I'm the parent of a 3rd grader. From what I've seen (and other parents I've spoken to agree), elementary school seems, from my superficial observations, to be much more difficult than it was when I was in school 30 years ago. My son has to study much harder and spend much more time doing homework than I remember doing at his age. It doesn't add up that kids on the whole would be working harder but be less advanced, you know?

    Any thoughts? Are today's teachers less effective in the classroom? Did we have a better work ethic back then and work harder at school, necessitating less homework? Or maybe I'm remembering my childhood with rose-colored glasses, and I actually *did* work as hard or harder? Do hobby and pasttime differences between our generations play a role? Any ideas?

    I'm grasping at straws here, this is a wild guess more than a theory, but I think the "lowest denominator" effect has something to do with it. What I mean is that teachers may have to "dumb down" their curriculum so that that one kid whose parents don't give a damn can keep up with everyone else. What do you think?

  4. #199

    Dosidicus Pipa Desertlifter's Avatar


     

    Re: Random Rant Thread

    [QUOTE]I don't want to sound like I doubt you, Brian, because I don't doubt you one bit. Just a comment/question along those lines. It may be enlightening to hear an educator's perspective.

    I'm the parent of a 3rd grader. From what I've seen (and other parents I've spoken to agree), elementary school seems, from my superficial observations, to be much more difficult than it was when I was in school 30 years ago. My son has to study much harder and spend much more time doing homework than I remember doing at his age. It doesn't add up that kids on the whole would be working harder but be less advanced, you know? [QUOTE]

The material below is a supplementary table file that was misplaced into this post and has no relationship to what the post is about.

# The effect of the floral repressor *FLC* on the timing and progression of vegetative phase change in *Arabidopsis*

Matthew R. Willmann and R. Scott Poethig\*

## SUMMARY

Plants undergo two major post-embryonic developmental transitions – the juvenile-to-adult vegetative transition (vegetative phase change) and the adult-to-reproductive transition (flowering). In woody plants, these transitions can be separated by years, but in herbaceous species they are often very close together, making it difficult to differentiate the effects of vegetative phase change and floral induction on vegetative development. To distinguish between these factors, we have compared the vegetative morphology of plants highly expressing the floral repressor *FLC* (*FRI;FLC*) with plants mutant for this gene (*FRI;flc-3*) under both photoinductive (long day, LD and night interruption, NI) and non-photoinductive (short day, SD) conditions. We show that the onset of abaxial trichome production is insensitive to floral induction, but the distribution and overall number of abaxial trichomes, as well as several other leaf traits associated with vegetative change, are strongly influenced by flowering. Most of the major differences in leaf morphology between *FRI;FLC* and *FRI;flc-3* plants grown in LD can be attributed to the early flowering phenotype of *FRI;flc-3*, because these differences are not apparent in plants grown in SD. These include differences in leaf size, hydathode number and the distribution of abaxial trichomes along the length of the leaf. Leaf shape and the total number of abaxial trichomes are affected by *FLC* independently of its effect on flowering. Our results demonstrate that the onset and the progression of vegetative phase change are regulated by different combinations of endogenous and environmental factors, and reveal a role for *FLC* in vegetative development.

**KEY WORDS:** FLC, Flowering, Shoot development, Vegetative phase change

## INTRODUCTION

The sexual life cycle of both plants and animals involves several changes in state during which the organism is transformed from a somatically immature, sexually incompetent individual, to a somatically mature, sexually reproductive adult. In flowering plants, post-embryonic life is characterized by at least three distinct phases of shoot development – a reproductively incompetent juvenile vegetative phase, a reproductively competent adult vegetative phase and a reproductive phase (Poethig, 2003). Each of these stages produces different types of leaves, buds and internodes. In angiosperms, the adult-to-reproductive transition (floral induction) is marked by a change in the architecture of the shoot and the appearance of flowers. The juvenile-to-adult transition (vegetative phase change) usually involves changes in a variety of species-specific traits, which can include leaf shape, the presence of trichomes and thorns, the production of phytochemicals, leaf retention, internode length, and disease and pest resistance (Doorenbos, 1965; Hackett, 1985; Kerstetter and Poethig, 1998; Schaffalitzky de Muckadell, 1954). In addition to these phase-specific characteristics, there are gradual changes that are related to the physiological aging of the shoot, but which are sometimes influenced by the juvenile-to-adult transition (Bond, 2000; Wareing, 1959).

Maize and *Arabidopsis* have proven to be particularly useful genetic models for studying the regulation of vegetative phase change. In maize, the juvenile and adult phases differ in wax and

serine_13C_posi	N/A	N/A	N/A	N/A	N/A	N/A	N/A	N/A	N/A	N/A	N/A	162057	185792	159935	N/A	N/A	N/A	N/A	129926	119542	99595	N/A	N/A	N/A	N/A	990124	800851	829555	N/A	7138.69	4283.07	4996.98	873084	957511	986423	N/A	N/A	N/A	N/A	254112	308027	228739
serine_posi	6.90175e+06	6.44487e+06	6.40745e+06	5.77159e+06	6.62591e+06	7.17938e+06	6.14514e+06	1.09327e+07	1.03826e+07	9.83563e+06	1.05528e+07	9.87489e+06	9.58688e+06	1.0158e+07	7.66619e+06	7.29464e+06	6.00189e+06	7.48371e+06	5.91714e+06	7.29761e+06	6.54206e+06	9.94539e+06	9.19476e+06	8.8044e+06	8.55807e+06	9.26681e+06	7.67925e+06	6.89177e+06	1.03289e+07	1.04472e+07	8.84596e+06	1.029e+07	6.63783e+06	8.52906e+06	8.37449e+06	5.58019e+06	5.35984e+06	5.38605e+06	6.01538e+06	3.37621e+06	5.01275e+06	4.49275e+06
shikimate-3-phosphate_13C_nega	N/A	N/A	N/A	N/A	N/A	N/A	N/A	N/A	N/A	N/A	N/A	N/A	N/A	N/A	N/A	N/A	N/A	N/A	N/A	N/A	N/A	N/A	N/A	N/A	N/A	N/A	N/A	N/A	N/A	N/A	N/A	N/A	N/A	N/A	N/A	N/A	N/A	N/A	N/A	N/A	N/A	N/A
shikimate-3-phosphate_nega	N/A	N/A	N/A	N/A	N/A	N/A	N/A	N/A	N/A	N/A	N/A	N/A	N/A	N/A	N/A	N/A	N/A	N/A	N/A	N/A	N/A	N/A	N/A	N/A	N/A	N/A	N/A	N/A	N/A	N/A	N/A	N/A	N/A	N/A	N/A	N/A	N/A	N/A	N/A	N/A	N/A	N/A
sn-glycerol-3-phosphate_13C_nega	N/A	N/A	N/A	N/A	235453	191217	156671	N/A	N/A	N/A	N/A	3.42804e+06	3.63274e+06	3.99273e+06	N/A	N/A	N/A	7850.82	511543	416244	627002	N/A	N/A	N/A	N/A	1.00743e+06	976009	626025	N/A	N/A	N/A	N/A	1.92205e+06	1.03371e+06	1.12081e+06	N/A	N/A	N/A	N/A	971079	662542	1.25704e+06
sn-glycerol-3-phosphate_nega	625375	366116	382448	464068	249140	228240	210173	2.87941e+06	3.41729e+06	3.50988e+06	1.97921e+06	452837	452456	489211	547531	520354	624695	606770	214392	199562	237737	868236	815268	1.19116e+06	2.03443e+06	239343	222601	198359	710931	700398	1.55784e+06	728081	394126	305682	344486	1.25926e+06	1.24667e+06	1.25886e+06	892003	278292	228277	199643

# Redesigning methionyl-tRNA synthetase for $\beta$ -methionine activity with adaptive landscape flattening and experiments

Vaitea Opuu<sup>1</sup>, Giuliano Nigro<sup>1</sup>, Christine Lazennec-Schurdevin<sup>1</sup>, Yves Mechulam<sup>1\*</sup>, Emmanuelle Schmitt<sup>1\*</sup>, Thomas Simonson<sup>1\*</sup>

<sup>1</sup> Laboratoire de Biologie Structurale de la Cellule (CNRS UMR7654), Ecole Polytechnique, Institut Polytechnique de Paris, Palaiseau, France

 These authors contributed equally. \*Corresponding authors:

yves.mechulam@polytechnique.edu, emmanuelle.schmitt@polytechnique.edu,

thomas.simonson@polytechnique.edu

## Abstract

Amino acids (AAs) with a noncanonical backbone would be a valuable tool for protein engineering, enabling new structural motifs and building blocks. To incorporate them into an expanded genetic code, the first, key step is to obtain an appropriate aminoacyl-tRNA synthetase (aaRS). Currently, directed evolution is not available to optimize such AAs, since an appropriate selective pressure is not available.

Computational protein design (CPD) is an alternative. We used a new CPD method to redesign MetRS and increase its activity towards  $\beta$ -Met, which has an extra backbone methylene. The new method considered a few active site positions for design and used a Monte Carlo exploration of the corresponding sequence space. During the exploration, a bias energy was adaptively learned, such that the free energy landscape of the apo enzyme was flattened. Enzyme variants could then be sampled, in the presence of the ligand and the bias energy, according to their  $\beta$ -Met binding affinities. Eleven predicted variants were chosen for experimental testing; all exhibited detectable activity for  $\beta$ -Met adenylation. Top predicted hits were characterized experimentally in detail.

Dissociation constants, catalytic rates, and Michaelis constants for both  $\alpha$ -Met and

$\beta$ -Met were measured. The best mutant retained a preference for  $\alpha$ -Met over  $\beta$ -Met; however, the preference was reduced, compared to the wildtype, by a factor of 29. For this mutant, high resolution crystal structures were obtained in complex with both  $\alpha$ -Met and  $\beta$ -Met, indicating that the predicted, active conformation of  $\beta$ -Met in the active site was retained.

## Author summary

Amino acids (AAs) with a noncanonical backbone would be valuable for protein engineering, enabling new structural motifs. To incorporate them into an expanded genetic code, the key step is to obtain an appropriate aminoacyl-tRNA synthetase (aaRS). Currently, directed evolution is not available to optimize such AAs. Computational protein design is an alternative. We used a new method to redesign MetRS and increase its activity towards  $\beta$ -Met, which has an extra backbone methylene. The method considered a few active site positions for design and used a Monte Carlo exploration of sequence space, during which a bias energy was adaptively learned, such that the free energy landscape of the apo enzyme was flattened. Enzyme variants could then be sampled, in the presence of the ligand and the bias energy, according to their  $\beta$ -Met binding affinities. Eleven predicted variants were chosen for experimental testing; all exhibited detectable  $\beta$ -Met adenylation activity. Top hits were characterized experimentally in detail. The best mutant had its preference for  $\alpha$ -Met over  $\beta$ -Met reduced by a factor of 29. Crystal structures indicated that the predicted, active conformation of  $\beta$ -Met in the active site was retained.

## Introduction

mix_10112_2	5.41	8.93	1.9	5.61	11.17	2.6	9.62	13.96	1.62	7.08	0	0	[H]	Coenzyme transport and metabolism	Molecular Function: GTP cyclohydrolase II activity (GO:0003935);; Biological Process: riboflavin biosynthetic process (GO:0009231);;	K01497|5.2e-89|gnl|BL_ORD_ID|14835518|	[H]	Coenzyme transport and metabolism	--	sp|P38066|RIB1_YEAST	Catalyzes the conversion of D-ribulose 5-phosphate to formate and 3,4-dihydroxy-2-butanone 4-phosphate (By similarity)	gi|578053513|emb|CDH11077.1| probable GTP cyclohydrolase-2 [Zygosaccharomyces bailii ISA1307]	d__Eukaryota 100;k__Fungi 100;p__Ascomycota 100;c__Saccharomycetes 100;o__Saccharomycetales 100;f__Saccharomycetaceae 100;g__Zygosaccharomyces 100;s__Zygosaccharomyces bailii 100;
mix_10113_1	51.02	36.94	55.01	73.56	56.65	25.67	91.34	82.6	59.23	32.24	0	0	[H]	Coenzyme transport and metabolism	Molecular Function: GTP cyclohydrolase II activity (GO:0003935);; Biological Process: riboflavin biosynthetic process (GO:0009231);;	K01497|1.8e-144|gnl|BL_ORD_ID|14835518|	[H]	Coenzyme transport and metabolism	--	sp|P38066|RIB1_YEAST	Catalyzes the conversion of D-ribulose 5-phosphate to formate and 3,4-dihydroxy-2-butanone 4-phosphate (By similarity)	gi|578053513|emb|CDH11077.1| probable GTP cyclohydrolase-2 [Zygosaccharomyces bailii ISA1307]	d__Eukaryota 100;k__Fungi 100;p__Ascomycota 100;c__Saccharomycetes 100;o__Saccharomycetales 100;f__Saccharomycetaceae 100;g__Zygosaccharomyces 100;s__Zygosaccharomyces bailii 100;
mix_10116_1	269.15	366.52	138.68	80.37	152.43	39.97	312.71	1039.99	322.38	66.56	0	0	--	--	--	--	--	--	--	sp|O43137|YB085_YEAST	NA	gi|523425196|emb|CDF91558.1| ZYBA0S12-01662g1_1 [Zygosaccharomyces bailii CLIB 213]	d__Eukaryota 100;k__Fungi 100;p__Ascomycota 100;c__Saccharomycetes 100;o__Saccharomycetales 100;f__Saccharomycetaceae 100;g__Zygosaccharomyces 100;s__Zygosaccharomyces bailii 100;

Homework doesn't equal results, and for literally generations the philosophy in primary grades was that homework was neither productive nor healthy for young minds. My nephew is an extreme example of this - he is in kindergarten in Olympia. During his first year of school he has had to memorize countries and their capitals all over the world. Never mind that this is a useless exercise and likely demotivating to many of the kids, what is so important about a 5 year old knowing that Zagreb is the capital of Croatia when he can barely write his letters?

    [QUOTE] Any thoughts? Are today's teachers less effective in the classroom? Did we have a better work ethic back then and work harder at school, necessitating less homework? Or maybe I'm remembering my childhood with rose-colored glasses, and I actually *did* work as hard or harder? Do hobby and pasttime differences between our generations play a role? Any ideas? [QUOTE]